A new study shows the number of Israelis dying as a result of exposure to high temperatures is rising, and “the issue is being pushed aside.”


The risk of mortality due to exposure to high temperatures is increasing in Israel, according to a new report by the Taub Center for Social Policy Studies.In the early 1990s, the risk of mortality due to high temperatures per 100,000 persons in the region was negligible.Since then, the rate has increased. A preliminary study by the Taub center has found that, on average, 45 individuals die annually in Israel as a result of exposure to high temperatures during heat waves, with the heightened risk particularly pronounced among those aged 70 and above.

On Monday, the Taub Center published the next chapter in its 2023 State of the Country Report, titled “Climate Sensitivity and Regulatory Deficiencies: Environmental Health Challenges in Israel,” by Maya Sadeh and Rakefet Shafran-Nathan. The report focuses on several areas: increasing exposure to air pollution, inadequate waste management, and rising temperatures – all of which harm the quality of life and health of the citizens of Israel.“Rising temperatures are exacerbating adverse environmental conditions that can lead to chronic diseases,” Sadeh said. To gain an understanding of the change in the intensity of heat loads in Israel, Taub Center researchers examined heat loads over seven decades, from the early 1950s to the beginning of the current decade, using the National Oceanic and Atmospheric Administration (NOAA) index, which correlates heat load levels with possible health effects.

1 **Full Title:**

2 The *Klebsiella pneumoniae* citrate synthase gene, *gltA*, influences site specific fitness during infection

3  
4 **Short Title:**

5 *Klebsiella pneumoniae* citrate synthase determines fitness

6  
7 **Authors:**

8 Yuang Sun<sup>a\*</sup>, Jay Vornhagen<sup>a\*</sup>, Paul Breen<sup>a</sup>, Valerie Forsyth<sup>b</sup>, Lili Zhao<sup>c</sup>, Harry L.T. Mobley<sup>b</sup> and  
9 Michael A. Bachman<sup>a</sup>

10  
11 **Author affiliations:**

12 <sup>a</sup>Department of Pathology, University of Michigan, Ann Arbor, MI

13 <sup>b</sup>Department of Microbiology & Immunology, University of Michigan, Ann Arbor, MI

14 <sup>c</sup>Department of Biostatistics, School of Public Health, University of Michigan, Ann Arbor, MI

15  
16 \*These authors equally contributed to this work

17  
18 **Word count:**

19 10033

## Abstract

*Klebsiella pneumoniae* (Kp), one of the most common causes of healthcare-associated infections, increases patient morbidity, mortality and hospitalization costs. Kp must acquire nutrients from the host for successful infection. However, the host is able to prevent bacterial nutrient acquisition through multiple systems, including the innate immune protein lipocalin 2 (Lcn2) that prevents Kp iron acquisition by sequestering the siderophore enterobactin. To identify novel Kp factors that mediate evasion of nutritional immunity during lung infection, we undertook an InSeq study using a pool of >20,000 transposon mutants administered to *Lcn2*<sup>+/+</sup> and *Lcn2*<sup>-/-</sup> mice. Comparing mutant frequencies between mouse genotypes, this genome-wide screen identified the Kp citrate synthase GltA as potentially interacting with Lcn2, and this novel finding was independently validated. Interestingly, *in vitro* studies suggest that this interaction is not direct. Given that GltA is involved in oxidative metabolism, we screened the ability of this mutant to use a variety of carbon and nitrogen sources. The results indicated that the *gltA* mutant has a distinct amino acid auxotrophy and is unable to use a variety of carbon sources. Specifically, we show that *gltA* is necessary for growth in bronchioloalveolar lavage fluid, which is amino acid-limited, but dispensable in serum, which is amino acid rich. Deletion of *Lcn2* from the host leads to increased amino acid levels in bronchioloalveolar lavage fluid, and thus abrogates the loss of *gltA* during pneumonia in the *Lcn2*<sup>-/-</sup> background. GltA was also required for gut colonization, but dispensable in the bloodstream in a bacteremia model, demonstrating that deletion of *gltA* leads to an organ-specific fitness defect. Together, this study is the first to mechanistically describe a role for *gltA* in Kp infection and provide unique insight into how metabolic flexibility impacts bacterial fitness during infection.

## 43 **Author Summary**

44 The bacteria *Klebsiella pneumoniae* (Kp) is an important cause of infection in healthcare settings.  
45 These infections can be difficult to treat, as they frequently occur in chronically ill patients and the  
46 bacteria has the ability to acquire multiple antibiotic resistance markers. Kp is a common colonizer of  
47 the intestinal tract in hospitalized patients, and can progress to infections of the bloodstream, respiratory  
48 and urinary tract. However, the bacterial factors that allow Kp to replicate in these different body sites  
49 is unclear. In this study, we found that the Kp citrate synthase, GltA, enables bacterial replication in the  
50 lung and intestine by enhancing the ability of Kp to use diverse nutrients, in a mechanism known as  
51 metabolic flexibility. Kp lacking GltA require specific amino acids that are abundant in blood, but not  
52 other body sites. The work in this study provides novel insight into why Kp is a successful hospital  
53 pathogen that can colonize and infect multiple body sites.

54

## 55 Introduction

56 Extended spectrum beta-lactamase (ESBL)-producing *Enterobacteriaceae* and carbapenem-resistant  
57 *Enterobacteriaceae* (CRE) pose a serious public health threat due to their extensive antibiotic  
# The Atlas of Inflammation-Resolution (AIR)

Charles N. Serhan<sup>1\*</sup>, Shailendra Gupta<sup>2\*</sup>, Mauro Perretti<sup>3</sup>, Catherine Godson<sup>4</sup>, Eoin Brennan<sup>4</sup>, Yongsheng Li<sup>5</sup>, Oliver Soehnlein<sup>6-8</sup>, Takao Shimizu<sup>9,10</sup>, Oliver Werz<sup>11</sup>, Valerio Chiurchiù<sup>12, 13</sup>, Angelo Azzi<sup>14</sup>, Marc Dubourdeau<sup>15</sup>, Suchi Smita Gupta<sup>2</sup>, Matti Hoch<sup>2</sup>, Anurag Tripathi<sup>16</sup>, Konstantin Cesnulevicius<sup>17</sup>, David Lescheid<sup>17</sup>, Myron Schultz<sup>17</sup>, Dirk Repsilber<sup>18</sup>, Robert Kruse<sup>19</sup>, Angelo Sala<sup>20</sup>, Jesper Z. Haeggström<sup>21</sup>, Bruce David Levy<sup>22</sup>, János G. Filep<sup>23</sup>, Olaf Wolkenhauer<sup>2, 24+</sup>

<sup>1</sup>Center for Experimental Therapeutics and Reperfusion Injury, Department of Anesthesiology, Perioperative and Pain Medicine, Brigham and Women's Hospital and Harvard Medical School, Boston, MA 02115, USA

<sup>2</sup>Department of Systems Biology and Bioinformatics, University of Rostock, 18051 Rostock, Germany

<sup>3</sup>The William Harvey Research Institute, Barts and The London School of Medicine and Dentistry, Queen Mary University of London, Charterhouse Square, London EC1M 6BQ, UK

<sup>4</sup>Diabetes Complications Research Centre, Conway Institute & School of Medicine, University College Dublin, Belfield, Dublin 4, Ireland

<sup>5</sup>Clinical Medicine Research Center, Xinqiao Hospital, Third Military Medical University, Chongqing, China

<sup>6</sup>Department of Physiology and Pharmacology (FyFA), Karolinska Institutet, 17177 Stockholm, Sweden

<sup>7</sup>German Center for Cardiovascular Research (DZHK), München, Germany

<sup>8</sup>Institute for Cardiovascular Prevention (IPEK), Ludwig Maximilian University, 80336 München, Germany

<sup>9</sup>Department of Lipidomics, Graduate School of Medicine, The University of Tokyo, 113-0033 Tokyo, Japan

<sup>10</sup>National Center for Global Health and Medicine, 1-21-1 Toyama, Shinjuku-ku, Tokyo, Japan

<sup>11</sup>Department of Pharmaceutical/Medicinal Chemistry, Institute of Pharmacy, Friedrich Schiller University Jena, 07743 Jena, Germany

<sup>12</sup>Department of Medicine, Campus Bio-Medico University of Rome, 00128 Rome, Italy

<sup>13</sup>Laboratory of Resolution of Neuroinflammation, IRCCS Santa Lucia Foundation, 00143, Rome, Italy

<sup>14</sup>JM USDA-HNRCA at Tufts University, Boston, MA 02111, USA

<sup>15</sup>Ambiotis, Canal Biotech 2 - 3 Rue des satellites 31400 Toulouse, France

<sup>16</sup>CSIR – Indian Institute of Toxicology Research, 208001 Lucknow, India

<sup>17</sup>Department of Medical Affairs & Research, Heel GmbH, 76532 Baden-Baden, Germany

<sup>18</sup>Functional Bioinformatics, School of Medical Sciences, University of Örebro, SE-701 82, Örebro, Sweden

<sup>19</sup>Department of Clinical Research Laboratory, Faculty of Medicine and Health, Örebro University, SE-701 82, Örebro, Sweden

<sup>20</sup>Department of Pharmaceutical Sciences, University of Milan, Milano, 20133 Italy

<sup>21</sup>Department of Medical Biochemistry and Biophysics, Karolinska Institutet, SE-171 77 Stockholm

“The researchers calculated the average heat load for each decade based on temperatures and relative humidity measured in the summer at 2:00 p.m. each day.”